Matt and Kelsey Boyce were excitedly preparing for graduation in April 2013. Matt was finishing an undergraduate degree in advertising, and Kelsey was completing a masters degree in communication disorders.
They were both from the Midwest, and like many BYU students, they found themselves dreaming of moving across the country, perhaps to live in Chicago, Orlando or Seattle. However, when commencement day finally arrived, they packed their belongings and drove north on I-15 to Draper.
Matt Boyce represents one of many who came to Utah for a four-year degree and stayed longer than expected.
As unemployment rates in Utah continue to decline well below the national average, many college graduates decide to settle in the Beehive State.
Many states continue struggling to come back from the recent economic downturn, but Utah maintains impressive rates in economic growth and job creation. As more employers move to Utah to take advantage of the state’s business environment, many graduates who planned on leaving decide to stay.
“After graduation, we wanted a change of pace and scenery, and we really wanted to embark on an adventure,” Boyce said. “We planned to have the car outside the Marriott Center after graduation to drive across the country. Instead we packed up a U-Haul ourselves and moved to Draper.”
After receiving multiple offers before graduating, Boyce began working full-time the day after commencement. He chose to stay in Utah, taking a job at Adobe and turning down an offer in Chicago, where the cost of living is almost triple Utah’s.
Every year, roughly 8,000 students graduate from BYU. Currently there are 371,871 living BYU graduates, and 45 percent of those graduates are Utah residents, even though two-thirds of BYU graduates are originally from outside Utah.
Many had big plans to leave after graduation, but Utah offers some unique advantages to lure graduates to stay.
Utah receives a steady stream of recognition from national news and business publications for continued low unemployment, a favorable business environment and family-friendly communities.
New numbers released from the state officials show Utah’s economic growth at 2.9 percent and a continued drop in the unemployment rate to 3.8, which is considerably lower than the national average of 6.3 percent.
Utah has the sixth lowest unemployment rate in the U.S. The states with better rates are North Dakota, Vermont, South Dakota, Wyoming and Nebraska.
Mark Showalter, a BYU professor of economics, admits he is unsure about the exact cause of Utah’s good economic performance, but he does recognize a list of good conditions.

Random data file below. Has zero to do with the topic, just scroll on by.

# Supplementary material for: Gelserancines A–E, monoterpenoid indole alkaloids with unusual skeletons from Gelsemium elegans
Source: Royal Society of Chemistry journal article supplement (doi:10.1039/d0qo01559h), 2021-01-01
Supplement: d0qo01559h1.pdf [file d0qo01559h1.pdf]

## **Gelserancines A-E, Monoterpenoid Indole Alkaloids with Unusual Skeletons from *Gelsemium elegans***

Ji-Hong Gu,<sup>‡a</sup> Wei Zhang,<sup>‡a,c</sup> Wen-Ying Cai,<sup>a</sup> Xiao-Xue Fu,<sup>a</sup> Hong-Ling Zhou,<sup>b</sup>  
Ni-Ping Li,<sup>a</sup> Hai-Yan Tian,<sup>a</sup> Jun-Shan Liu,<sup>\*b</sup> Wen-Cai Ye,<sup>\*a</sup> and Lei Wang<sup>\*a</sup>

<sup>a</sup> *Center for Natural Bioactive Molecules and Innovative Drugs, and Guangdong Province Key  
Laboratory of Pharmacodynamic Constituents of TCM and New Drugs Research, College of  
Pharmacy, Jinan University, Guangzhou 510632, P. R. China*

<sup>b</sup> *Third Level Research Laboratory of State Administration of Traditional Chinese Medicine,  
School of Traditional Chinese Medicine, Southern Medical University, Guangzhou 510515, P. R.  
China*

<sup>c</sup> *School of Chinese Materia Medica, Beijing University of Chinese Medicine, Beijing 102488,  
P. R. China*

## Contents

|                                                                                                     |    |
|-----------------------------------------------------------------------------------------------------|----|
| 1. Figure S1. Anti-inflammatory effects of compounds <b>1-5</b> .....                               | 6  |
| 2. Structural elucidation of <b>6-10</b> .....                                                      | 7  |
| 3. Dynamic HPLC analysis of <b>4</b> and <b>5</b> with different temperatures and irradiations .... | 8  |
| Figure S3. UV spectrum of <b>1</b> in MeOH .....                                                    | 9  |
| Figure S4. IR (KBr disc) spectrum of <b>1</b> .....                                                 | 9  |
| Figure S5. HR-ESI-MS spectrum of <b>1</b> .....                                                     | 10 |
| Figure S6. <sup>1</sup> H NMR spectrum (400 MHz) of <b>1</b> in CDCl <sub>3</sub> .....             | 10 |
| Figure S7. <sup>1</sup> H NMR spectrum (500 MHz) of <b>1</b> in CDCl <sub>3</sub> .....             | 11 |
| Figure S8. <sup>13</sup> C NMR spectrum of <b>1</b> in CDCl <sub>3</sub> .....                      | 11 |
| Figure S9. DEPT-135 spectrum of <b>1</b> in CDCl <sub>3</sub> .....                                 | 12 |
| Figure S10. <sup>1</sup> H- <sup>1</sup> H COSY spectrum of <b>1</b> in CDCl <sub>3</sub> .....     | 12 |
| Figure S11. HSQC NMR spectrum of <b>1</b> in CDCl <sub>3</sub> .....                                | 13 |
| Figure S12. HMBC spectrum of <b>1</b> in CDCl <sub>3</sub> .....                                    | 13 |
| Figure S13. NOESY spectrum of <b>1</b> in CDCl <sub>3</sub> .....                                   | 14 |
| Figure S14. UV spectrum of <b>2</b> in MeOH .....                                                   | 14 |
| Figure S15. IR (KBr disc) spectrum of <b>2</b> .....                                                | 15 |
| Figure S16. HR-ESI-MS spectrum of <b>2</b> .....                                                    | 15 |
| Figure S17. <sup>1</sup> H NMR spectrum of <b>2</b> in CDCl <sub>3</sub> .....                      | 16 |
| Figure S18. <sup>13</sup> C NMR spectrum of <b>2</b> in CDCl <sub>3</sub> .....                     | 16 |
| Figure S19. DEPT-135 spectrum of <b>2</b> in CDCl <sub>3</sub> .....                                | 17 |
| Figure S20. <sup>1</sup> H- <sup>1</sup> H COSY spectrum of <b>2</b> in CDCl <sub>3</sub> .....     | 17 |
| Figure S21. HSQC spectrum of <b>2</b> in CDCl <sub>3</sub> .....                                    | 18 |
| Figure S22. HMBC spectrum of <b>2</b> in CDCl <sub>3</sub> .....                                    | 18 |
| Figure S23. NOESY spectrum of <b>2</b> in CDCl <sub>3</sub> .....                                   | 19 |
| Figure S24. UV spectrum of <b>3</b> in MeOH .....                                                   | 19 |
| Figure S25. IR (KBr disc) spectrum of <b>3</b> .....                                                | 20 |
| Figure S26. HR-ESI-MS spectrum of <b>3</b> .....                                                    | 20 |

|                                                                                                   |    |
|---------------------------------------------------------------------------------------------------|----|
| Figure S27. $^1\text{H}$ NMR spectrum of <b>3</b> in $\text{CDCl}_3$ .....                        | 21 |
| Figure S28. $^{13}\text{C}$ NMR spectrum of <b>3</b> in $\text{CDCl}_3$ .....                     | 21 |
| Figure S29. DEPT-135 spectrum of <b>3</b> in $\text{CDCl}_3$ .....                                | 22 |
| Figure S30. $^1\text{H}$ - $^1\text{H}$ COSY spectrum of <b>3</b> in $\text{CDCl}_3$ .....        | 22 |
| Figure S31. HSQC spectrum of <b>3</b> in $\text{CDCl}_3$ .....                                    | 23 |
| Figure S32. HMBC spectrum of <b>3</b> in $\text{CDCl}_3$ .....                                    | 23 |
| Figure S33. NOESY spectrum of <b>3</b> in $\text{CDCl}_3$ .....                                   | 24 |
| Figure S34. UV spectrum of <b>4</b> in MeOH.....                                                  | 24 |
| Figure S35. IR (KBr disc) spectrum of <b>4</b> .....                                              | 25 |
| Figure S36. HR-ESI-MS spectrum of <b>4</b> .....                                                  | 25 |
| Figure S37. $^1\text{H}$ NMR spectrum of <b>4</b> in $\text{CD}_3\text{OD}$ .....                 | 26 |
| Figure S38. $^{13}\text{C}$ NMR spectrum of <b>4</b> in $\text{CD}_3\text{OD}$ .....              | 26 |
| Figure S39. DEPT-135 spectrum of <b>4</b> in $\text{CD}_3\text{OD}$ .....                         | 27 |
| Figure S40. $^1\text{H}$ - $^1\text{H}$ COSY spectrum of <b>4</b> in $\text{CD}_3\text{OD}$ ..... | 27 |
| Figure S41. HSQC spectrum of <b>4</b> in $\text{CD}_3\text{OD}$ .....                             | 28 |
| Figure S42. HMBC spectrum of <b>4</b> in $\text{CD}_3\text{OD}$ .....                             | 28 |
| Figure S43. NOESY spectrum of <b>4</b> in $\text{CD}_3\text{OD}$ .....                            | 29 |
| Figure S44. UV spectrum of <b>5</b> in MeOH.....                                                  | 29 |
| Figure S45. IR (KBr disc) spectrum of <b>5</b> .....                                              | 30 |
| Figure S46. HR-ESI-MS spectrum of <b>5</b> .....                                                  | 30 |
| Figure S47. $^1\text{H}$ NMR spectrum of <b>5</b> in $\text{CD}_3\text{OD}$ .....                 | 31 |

“Utah has a relatively high level of attraction for employers because of the low cost of building and other state-offered incentives. This job creation, coupled with the the surrounding natural resources, attracts employees,” he said.
Provo City Mayor John Curtis suggests some additional elements of the environment that contribute to the economy.
“Utah has really strong innovation, entrepreneurship and hard work that drive business success,” Curtis said.
Curtis attributed the success of businesses in Utah, like Nuskin and Novell, to their conservative nature during hard economic times. This success, in contrast to poorly performing states, encourages graduates to stay after college. Some leave but gravitate back.
Jeff Scott graduated from BYU in 1999 with a degree in finance then moved to Denver to work at Great West Financial for four years before he received a call from a recruiter in Utah.
Scott, who is from Tennessee, never planned on settling here.
“We didn’t plan on coming here, and we never planned on staying. But it felt like it was a good opportunity, and I felt like there was a lot more competition for jobs in Denver and more opportunity here,” he said.
Many reports confirm that these opportunities are more than just perception in Utah.
Economist Arthur Laffer created The Rich States, Poor States: ALEC-Laffer State Economic Competitiveness Index. The annual study, published last month, ranks Utah first for economic outlook and second for economic performance. The study considers tax rate, tax burden, minimum wage and average worker’s compensation cost.
Curtis sees the future getting brighter for Utah.
“Those principles will bode well for Utah. We’ll do better. BYU and UVU are massive influences of innovations. Companies are enhanced by the graduates that help them take wing,” Curtis said.
Scott is now vice president of retirement plans at FirstWest Retirement Solutions. Although it was never part of the plan, he and his wife, Jacqui, love raising their family of four in Sandy because they enjoy the balance between work and family.
“We love living here even though we never imagined living here,” Scott said. “Not only is there great opportunity, but this is a great place for families because there is a real culture of families here.”